Complex interactions between nutritional status and HIV progression and transmission and between specific nutrient metabolism and antiretroviral therapy have not been well studied. While the mechanisms of these interactions remain unclear, there is evidence that the high rate of hunger and malnutrition among those living in resource-limited countries can affect adherence and outcomes for those in HIV care and treatment programs. PEPFAR has identified nutrition as one of the key areas for linkage with development programs. Current programs which integrate nutritional assessment, counseling and support include PMTCT, pediatric treatment, adult and pediatric care and support, and targeted food and nutrition support for orphans and vulnerable children (OVC). However, in order to design and implement optimal programs in these areas, critical information is needed on the existing nutritional status among program participants, factors which increase the risk of nutritional deficiency, including alcohol use, and the optimal assessment strategies which can be scaled up in routine practice in resources limited countries.
Research addressing nutrition and HIV/AIDS will help PEPFAR in planning cross-cutting nutrition activities. This includes evaluating the impact of nutrition activities on patient outcomes and on community infrastructure for prevention, care and treatment programs; assessing the delivery systems and level of integration of PEPFAR nutrition activities with other nutrition and food support programs available; and assessing the overall effectiveness and cost-efficiency of implementing nutrition activities within PEPFAR programs.
Development of Family Centered Models of Care for Orphans and Vulnerable Children
Current PEPFAR OVC activities are aimed at improving the lives of orphans and other vulnerable children affected by HIV/AIDS. Services to children (0-17 years) are based on the actual needs of the individual child and include ensuring access to basic education, broader health care services, targeted food and nutrition support, shelter, psychosocial support, protection and legal aid, economic strengthening, training of caregivers, etc. Also included are household-centered approaches that link OVC services with HIV-affected families (linkages with PMTCT, palliative care, treatment, etc.) and strengthen the capacity of the family unit (caregiver); activities to strengthen community structures that protect and promote healthy child development (schools, churches, clinics, child protection committees, etc.); and investments in local and national government capacity to identify, monitor, and support children’s well-being. Programs may be included that facilitate the transition from residential OVC care to more family-centered models.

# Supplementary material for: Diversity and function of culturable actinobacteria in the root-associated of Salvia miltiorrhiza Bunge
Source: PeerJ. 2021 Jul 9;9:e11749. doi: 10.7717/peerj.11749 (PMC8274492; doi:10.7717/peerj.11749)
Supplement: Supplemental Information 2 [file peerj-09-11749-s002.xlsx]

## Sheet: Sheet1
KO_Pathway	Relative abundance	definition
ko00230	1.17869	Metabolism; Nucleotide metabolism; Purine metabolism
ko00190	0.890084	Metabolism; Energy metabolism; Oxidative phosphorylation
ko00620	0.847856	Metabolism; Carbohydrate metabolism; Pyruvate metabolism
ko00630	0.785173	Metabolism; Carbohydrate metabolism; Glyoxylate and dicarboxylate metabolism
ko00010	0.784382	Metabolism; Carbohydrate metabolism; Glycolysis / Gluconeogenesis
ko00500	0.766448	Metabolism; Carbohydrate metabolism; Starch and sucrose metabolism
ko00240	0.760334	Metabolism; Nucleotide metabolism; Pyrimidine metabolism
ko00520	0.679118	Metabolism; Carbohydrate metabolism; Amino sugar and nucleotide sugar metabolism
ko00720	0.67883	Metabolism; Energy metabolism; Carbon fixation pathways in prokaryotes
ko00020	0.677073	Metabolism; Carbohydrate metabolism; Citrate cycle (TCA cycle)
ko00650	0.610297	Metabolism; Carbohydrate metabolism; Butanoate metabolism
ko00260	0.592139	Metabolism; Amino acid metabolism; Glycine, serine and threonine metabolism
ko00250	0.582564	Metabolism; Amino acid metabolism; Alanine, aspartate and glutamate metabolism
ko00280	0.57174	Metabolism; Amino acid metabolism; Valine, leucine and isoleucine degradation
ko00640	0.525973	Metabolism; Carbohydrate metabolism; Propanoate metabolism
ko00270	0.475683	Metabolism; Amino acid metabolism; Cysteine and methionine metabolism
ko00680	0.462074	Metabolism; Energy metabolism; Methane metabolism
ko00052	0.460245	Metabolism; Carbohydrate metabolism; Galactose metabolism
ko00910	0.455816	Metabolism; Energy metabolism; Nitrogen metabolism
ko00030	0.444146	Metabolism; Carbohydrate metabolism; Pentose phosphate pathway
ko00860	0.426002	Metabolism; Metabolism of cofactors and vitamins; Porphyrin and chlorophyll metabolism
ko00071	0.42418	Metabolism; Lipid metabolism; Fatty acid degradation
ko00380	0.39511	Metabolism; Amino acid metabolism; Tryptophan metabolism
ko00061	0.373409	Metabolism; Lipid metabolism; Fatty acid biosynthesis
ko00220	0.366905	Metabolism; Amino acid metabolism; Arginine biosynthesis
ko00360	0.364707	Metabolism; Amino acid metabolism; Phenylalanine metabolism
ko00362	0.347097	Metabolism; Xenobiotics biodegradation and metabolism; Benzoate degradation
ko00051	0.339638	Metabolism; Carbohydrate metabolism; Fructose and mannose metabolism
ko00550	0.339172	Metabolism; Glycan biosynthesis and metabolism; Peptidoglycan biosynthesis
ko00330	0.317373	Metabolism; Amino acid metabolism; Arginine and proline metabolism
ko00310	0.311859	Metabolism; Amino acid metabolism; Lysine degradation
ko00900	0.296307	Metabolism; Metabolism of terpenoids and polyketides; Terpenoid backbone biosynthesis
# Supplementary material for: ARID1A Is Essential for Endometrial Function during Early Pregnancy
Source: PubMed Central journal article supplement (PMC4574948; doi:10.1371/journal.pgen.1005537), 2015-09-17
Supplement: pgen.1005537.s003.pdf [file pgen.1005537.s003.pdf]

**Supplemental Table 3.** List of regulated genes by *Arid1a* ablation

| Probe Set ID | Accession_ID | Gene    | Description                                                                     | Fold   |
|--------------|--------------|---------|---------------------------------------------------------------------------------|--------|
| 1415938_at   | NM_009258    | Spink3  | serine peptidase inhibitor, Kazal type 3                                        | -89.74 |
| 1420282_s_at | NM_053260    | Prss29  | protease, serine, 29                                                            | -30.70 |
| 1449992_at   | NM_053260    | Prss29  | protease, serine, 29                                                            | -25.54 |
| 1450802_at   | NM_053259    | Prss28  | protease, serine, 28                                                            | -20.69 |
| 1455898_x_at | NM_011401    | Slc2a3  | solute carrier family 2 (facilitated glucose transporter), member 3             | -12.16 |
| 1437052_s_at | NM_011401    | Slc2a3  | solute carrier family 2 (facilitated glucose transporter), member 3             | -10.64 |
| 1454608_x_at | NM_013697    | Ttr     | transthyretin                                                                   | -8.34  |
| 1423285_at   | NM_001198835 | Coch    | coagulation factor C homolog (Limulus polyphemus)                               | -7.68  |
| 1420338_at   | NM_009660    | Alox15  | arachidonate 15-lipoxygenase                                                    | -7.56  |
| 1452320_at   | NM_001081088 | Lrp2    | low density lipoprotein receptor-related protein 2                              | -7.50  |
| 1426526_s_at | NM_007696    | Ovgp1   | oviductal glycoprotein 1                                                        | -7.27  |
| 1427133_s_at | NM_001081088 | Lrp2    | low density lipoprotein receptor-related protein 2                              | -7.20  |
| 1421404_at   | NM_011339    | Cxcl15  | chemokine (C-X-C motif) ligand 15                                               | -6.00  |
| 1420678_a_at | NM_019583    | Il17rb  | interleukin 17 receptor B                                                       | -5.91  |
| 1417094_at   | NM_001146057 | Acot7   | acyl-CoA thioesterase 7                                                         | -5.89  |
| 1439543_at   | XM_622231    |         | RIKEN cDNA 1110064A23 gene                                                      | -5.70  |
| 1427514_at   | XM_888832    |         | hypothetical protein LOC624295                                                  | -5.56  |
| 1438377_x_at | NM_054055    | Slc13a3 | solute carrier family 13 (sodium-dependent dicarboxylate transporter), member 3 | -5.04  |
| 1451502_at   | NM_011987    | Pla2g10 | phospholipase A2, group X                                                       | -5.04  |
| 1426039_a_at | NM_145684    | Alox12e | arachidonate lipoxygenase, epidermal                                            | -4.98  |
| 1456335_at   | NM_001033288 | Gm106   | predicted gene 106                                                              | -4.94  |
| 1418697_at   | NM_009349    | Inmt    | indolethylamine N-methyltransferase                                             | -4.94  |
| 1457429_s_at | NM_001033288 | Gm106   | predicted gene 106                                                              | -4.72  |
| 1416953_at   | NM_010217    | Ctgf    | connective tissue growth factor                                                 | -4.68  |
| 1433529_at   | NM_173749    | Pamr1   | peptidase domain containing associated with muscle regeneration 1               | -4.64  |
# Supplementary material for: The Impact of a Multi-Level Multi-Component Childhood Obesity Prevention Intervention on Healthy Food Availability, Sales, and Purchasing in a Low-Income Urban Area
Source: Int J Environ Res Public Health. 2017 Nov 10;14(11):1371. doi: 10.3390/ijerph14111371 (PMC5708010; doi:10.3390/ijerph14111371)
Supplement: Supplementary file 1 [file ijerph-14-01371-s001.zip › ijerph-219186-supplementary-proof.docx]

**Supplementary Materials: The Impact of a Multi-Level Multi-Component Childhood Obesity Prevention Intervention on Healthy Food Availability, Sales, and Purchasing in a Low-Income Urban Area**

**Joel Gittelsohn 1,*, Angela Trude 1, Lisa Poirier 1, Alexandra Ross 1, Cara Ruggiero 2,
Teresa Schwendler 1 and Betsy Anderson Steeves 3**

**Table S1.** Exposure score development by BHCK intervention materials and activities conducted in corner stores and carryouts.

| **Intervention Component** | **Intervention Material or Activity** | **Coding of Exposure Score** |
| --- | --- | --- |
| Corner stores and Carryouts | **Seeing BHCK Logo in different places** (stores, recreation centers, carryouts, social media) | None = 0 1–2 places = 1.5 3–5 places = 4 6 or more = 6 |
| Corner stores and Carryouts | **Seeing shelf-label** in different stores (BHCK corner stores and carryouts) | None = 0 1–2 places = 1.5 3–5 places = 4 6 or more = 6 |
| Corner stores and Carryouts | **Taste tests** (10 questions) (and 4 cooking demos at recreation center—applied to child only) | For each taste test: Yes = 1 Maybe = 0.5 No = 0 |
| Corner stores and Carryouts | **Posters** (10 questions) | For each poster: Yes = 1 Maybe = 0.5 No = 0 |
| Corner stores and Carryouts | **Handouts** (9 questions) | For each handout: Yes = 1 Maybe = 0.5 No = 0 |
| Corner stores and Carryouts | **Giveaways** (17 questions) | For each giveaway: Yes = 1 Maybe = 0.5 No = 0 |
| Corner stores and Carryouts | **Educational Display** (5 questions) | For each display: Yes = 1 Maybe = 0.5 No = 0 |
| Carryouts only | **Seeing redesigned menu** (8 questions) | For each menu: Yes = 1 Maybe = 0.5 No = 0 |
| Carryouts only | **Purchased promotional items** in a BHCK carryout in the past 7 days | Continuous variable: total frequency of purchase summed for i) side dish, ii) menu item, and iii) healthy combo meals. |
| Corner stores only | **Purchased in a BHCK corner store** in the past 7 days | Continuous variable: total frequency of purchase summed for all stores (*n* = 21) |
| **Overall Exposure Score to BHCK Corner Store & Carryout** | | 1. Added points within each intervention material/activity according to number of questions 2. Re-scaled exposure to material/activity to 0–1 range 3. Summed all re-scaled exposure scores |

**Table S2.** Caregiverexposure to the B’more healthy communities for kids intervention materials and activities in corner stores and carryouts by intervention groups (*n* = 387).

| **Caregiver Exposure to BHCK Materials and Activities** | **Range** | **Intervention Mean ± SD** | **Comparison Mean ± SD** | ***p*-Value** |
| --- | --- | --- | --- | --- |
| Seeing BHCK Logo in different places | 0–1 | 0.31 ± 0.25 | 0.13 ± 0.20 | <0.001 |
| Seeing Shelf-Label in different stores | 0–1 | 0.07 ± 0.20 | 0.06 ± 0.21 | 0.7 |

Applications in the area of OVC should assess the impact of existing programs; address linkages with related services, identify quality and programming gaps; and identify best practices to guide PEPFAR in this area. These evaluations should provide the evidence base needed for developing OVC programs and family focused models of care.
Prevention of Mother-to-Child Transmission of HIV (PMTCT)
The implementation of effective PMTCT programs relies on the development and support of the underlying maternal-child health infrastructure. Structural factors within country health systems are one of the challenges to implementing effective PMTCT programs. At the country level, maternal, newborn and child health services are usually separate from programs, laboratories, and services for HIV treatment and care. Thus, ante partum and postpartum care systems are not equipped to test all women for HIV infection, conduct CD4 testing to identify disease stage of HIV-infected women, and provide antiretroviral treatment to women who need it and antiretroviral prophylaxis to the others.
Systematic evaluation of program effectiveness is needed to measure the impact of PMTCT programs and to determine best practices, to identify where programmatic efficiencies can be gained, and the optimal intensity or frequency with which effective interventions are employed. Indicators to measure performance must be defined and systematically collected. Data are needed on the causes of bottlenecks or obstacles within the traditional “PMTCT cascade” (e.g., antenatal attendance, uptake of HIV testing, use of antiretroviral drugs in pregnancy for treatment or prophylaxis). Implementation science can be used to evaluate and increase the impact of PMTCT programs by identifying successful approaches to expanding access to and generating demand for infant feeding and nutrition interventions; providing follow-up of the mother/infant pair, from maternal counseling and testing to determination of infant HIV serostatus through testing at 18 months; and delivering appropriate care and treatment for the mother.
Provision of safe and effective family planning to women of childbearing age is also a key element of PMTCT. Increased capacity for family planning services in resource-limited countries is needed, as are optimal models that could be adopted to integrate HIV prevention and care services and family planning services.
Engagement and Retention of Individuals (Adults and/or Children) in HIV Care and Treatment